Sarah, we have seen, has her own problems: a messy divorce from husband Jack (Seymour Cassel), which exacerbates her intermittent bouts of depression. Rowlands, who had been married to Cassavetes since 1954, gets the brunt of it. Calling her ex-husband from a red phone box in London, she tells him, in a tone that suggests she’s a little too eager to will fictions into fact, that she’s “almost not crazy now.” We cut between the two: Sarah in close-up, her hopes held in Rowland’s focused eyes, and Jack in a sun-dappled long-shot by a backyard tennis court. With all the sweep of an unwelcome confirmation of bad news, however, Jack delivers verbal buckshot: “I just don’t care.” Cut to Rowlands, who looks like she’s just been diagnosed with a terminal illness, and to a fantasy murder sequence in which she mows down Jack and their teenage daughter. Blood stains the car in the shape of a perfect heart.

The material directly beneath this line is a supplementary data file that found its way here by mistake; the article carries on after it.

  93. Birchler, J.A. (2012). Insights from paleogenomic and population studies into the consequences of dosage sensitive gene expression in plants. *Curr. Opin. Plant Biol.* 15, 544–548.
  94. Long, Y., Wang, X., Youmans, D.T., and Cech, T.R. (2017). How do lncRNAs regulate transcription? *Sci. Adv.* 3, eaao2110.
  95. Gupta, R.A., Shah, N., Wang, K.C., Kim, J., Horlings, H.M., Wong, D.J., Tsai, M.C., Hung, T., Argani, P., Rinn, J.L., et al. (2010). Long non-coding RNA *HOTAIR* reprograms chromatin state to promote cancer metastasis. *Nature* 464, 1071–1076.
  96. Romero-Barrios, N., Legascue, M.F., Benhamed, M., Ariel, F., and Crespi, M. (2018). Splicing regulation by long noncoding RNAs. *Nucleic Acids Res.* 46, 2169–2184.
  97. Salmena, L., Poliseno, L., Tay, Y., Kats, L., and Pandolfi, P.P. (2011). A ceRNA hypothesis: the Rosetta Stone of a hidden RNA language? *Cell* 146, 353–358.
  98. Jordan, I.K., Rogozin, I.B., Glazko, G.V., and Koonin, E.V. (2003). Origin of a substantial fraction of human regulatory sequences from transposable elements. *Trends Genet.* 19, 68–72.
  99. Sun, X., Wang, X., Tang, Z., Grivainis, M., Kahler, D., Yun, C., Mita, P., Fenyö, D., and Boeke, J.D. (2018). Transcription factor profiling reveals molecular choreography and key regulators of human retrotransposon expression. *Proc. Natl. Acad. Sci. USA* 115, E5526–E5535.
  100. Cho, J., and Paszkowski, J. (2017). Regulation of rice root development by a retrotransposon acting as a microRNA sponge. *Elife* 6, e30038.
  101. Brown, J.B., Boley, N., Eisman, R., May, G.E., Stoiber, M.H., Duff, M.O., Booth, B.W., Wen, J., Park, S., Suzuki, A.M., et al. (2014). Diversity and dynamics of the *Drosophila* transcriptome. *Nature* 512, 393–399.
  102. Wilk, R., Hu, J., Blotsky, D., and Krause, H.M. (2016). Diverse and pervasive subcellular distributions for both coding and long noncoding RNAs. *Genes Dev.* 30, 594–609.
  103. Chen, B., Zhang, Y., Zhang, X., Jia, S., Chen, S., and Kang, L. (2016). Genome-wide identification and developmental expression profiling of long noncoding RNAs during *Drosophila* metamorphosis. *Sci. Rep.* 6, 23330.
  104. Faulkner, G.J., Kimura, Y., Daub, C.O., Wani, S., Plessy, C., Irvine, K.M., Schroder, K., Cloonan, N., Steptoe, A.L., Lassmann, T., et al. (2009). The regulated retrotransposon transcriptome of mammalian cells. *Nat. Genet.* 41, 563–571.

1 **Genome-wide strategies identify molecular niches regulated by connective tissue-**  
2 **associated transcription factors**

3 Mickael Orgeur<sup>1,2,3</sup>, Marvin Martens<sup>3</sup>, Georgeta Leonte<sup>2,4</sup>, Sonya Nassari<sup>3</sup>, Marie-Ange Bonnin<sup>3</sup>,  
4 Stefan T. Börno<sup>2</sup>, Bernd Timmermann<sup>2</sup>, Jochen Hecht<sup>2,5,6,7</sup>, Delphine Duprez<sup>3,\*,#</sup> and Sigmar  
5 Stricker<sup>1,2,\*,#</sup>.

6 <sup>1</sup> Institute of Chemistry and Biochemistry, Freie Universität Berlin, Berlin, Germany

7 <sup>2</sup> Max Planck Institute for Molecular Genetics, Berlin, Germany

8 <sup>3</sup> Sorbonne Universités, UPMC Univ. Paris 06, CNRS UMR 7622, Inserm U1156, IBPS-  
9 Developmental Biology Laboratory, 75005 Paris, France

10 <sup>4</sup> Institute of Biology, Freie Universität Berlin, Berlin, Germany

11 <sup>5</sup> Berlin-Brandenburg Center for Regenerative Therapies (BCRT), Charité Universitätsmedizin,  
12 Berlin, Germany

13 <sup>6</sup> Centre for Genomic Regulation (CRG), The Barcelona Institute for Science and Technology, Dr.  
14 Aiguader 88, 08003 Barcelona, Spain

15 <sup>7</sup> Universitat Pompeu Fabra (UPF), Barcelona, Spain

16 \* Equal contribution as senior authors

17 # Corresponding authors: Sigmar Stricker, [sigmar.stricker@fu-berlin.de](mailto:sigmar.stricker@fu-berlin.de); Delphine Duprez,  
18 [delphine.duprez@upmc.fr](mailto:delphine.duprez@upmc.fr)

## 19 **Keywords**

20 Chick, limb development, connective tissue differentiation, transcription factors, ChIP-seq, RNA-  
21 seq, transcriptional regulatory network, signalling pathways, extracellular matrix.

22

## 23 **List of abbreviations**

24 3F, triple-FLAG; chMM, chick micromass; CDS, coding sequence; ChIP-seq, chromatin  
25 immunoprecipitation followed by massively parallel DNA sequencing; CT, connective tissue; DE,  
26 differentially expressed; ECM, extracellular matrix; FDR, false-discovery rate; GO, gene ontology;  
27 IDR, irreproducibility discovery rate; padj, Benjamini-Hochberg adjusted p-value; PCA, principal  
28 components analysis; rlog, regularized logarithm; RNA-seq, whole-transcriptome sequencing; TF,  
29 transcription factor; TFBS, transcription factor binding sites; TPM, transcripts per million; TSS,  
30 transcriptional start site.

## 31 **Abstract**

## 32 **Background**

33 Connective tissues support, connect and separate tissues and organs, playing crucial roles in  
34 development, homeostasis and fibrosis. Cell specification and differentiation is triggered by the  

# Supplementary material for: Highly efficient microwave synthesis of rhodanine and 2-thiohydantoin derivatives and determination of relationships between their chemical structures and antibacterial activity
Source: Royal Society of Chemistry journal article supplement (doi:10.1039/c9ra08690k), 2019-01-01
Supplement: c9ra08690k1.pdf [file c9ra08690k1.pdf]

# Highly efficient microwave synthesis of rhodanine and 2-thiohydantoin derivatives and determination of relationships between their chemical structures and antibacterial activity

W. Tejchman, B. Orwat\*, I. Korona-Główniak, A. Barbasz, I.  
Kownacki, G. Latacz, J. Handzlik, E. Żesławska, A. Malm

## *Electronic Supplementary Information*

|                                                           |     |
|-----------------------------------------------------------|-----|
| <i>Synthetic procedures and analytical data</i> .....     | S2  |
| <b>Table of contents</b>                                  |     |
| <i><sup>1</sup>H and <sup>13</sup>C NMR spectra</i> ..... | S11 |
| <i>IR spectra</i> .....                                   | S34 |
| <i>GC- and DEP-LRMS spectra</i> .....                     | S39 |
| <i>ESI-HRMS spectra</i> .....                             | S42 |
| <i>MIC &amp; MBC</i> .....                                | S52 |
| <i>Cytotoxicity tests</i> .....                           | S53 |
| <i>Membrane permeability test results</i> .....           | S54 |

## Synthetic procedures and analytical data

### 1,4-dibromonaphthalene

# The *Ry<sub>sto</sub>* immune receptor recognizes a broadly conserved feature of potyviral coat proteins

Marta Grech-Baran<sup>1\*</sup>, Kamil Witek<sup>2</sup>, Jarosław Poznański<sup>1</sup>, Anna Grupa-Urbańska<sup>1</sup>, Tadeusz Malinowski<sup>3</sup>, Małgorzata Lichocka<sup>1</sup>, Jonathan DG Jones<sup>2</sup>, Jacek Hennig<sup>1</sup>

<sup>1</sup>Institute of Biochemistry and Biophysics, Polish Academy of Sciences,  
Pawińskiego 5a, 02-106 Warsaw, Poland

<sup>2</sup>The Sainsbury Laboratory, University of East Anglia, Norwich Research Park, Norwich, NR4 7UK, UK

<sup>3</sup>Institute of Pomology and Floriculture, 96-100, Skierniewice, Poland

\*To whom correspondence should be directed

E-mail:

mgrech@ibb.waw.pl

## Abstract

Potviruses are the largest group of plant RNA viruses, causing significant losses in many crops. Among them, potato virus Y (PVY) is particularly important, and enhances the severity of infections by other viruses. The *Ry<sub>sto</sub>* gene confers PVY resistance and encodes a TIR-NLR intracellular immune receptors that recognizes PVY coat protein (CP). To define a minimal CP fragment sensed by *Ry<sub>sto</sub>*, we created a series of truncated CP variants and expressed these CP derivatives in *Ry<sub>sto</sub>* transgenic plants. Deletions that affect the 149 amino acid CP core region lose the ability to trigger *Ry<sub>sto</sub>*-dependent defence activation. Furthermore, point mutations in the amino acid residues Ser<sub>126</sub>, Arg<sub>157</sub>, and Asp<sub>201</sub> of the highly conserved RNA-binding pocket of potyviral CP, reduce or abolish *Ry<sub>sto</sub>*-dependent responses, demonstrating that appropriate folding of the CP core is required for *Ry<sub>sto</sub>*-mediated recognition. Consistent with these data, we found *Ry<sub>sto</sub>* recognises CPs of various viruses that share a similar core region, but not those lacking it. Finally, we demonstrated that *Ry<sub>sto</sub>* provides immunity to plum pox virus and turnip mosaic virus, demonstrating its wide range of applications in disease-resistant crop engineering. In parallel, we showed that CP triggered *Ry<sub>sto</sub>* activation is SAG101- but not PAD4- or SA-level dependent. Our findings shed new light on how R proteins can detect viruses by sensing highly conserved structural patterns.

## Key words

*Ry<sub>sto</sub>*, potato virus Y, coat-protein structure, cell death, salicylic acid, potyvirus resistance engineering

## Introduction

People are always on the verge of being unkind to one another in Cassavetes’s films, but the director is seldom unkind to them. His are compassionate studies, even when the characters themselves are far from loveable. That inevitably awful, out-of-nowhere bar brawl in Too Late Blues, in which individual callousness is trumped by the same solidarity earlier shown in an impromptu baseball match. Those wonderfully dynamic scenes between Cassavetes and Jenny Runacre, as local girl Mary Tynan, in the London sequences of Husbands: they bristle with the kind of electric chemistry only a one-night-stand in a forbiddingly cold-cum-memorably exotic place can muster. Love Streams in particular is an extremely painful work: when Robert is beaten up after locking his frightened, hungry eight-year-old son in a Las Vegas hotel room so that he can enjoy himself elsewhere, it isn’t so much karmic realignment as a sad affirmation of his own desperate illness.
Cassavetes formed many of his works around gender relations. In the three films already mentioned, men are defined in large part by their interactions with women: Benny’s jealousy towards, and Ghost’s indignant protection of, Jess (Stella Stevens) in Too Late Blues; the eponymous and neglectful spouses of Husbands (whose wives are either beaten, cheated on or relegated to still photographs); the double-edged proximities between two self-wounding and mutually-dependent siblings in Love Streams. Even within the intense framework of the latter, however (there’s scarcely an establishing shot in the whole film), it’s never long before other considerations are factored in.